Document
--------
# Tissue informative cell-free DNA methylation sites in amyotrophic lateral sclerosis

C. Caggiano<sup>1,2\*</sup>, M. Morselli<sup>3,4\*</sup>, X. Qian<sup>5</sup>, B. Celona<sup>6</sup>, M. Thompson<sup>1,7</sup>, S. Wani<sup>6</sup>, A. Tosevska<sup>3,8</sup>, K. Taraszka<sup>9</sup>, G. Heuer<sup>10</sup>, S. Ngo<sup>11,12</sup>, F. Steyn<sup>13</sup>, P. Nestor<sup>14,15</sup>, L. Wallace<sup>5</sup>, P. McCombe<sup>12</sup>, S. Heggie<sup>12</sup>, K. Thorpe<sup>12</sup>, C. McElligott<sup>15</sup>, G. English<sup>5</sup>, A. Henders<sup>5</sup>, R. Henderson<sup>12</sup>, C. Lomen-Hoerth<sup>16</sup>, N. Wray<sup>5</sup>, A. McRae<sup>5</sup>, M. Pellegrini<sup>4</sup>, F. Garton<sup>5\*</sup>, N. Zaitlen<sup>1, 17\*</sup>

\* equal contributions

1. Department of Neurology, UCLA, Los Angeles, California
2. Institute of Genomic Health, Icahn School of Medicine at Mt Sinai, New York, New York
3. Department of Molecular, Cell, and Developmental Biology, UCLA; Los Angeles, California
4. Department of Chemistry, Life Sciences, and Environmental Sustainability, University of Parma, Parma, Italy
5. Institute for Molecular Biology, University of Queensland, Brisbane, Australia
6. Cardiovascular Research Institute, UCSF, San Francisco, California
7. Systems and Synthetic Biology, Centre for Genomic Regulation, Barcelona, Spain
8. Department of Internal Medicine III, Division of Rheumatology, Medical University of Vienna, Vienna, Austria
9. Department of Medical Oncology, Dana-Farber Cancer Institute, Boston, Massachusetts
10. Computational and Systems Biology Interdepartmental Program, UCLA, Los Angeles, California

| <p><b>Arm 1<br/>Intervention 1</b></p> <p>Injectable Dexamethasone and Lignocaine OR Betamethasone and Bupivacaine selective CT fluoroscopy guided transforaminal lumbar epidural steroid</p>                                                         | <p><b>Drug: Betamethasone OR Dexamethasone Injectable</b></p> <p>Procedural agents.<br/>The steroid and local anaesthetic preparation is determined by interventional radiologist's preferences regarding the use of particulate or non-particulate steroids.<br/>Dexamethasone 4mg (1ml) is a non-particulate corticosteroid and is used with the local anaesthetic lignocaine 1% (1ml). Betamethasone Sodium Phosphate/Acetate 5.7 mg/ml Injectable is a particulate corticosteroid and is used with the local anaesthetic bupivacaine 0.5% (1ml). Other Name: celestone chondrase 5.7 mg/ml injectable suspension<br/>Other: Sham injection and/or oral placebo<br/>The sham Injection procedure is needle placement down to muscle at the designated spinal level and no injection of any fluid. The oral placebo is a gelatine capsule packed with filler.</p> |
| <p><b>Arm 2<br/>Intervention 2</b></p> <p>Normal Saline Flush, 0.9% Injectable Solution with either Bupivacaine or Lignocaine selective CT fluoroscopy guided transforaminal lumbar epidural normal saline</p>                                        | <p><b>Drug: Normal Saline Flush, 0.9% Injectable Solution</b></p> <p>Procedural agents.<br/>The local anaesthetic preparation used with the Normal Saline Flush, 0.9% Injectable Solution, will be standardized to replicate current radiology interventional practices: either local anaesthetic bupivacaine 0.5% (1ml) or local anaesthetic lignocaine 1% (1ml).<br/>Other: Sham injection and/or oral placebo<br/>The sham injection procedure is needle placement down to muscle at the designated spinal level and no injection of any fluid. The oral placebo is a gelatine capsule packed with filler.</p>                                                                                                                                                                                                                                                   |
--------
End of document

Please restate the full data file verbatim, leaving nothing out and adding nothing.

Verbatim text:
# Tissue informative cell-free DNA methylation sites in amyotrophic lateral sclerosis

C. Caggiano<sup>1,2\*</sup>, M. Morselli<sup>3,4\*</sup>, X. Qian<sup>5</sup>, B. Celona<sup>6</sup>, M. Thompson<sup>1,7</sup>, S. Wani<sup>6</sup>, A. Tosevska<sup>3,8</sup>, K. Taraszka<sup>9</sup>, G. Heuer<sup>10</sup>, S. Ngo<sup>11,12</sup>, F. Steyn<sup>13</sup>, P. Nestor<sup>14,15</sup>, L. Wallace<sup>5</sup>, P. McCombe<sup>12</sup>, S. Heggie<sup>12</sup>, K. Thorpe<sup>12</sup>, C. McElligott<sup>15</sup>, G. English<sup>5</sup>, A. Henders<sup>5</sup>, R. Henderson<sup>12</sup>, C. Lomen-Hoerth<sup>16</sup>, N. Wray<sup>5</sup>, A. McRae<sup>5</sup>, M. Pellegrini<sup>4</sup>, F. Garton<sup>5\*</sup>, N. Zaitlen<sup>1, 17\*</sup>

\* equal contributions

1. Department of Neurology, UCLA, Los Angeles, California
2. Institute of Genomic Health, Icahn School of Medicine at Mt Sinai, New York, New York
3. Department of Molecular, Cell, and Developmental Biology, UCLA; Los Angeles, California
4. Department of Chemistry, Life Sciences, and Environmental Sustainability, University of Parma, Parma, Italy
5. Institute for Molecular Biology, University of Queensland, Brisbane, Australia
6. Cardiovascular Research Institute, UCSF, San Francisco, California
7. Systems and Synthetic Biology, Centre for Genomic Regulation, Barcelona, Spain
8. Department of Internal Medicine III, Division of Rheumatology, Medical University of Vienna, Vienna, Austria
9. Department of Medical Oncology, Dana-Farber Cancer Institute, Boston, Massachusetts
10. Computational and Systems Biology Interdepartmental Program, UCLA, Los Angeles, California

| <p><b>Arm 1<br/>Intervention 1</b></p> <p>Injectable Dexamethasone and Lignocaine OR Betamethasone and Bupivacaine selective CT fluoroscopy guided transforaminal lumbar epidural steroid</p>                                                         | <p><b>Drug: Betamethasone OR Dexamethasone Injectable</b></p> <p>Procedural agents.<br/>The steroid and local anaesthetic preparation is determined by interventional radiologist's preferences regarding the use of particulate or non-particulate steroids.<br/>Dexamethasone 4mg (1ml) is a non-particulate corticosteroid and is used with the local anaesthetic lignocaine 1% (1ml). Betamethasone Sodium Phosphate/Acetate 5.7 mg/ml Injectable is a particulate corticosteroid and is used with the local anaesthetic bupivacaine 0.5% (1ml). Other Name: celestone chondrase 5.7 mg/ml injectable suspension<br/>Other: Sham injection and/or oral placebo<br/>The sham Injection procedure is needle placement down to muscle at the designated spinal level and no injection of any fluid. The oral placebo is a gelatine capsule packed with filler.</p> |
| <p><b>Arm 2<br/>Intervention 2</b></p> <p>Normal Saline Flush, 0.9% Injectable Solution with either Bupivacaine or Lignocaine selective CT fluoroscopy guided transforaminal lumbar epidural normal saline</p>                                        | <p><b>Drug: Normal Saline Flush, 0.9% Injectable Solution</b></p> <p>Procedural agents.<br/>The local anaesthetic preparation used with the Normal Saline Flush, 0.9% Injectable Solution, will be standardized to replicate current radiology interventional practices: either local anaesthetic bupivacaine 0.5% (1ml) or local anaesthetic lignocaine 1% (1ml).<br/>Other: Sham injection and/or oral placebo<br/>The sham injection procedure is needle placement down to muscle at the designated spinal level and no injection of any fluid. The oral placebo is a gelatine capsule packed with filler.</p>                                                                                                                                                                                                                                                   |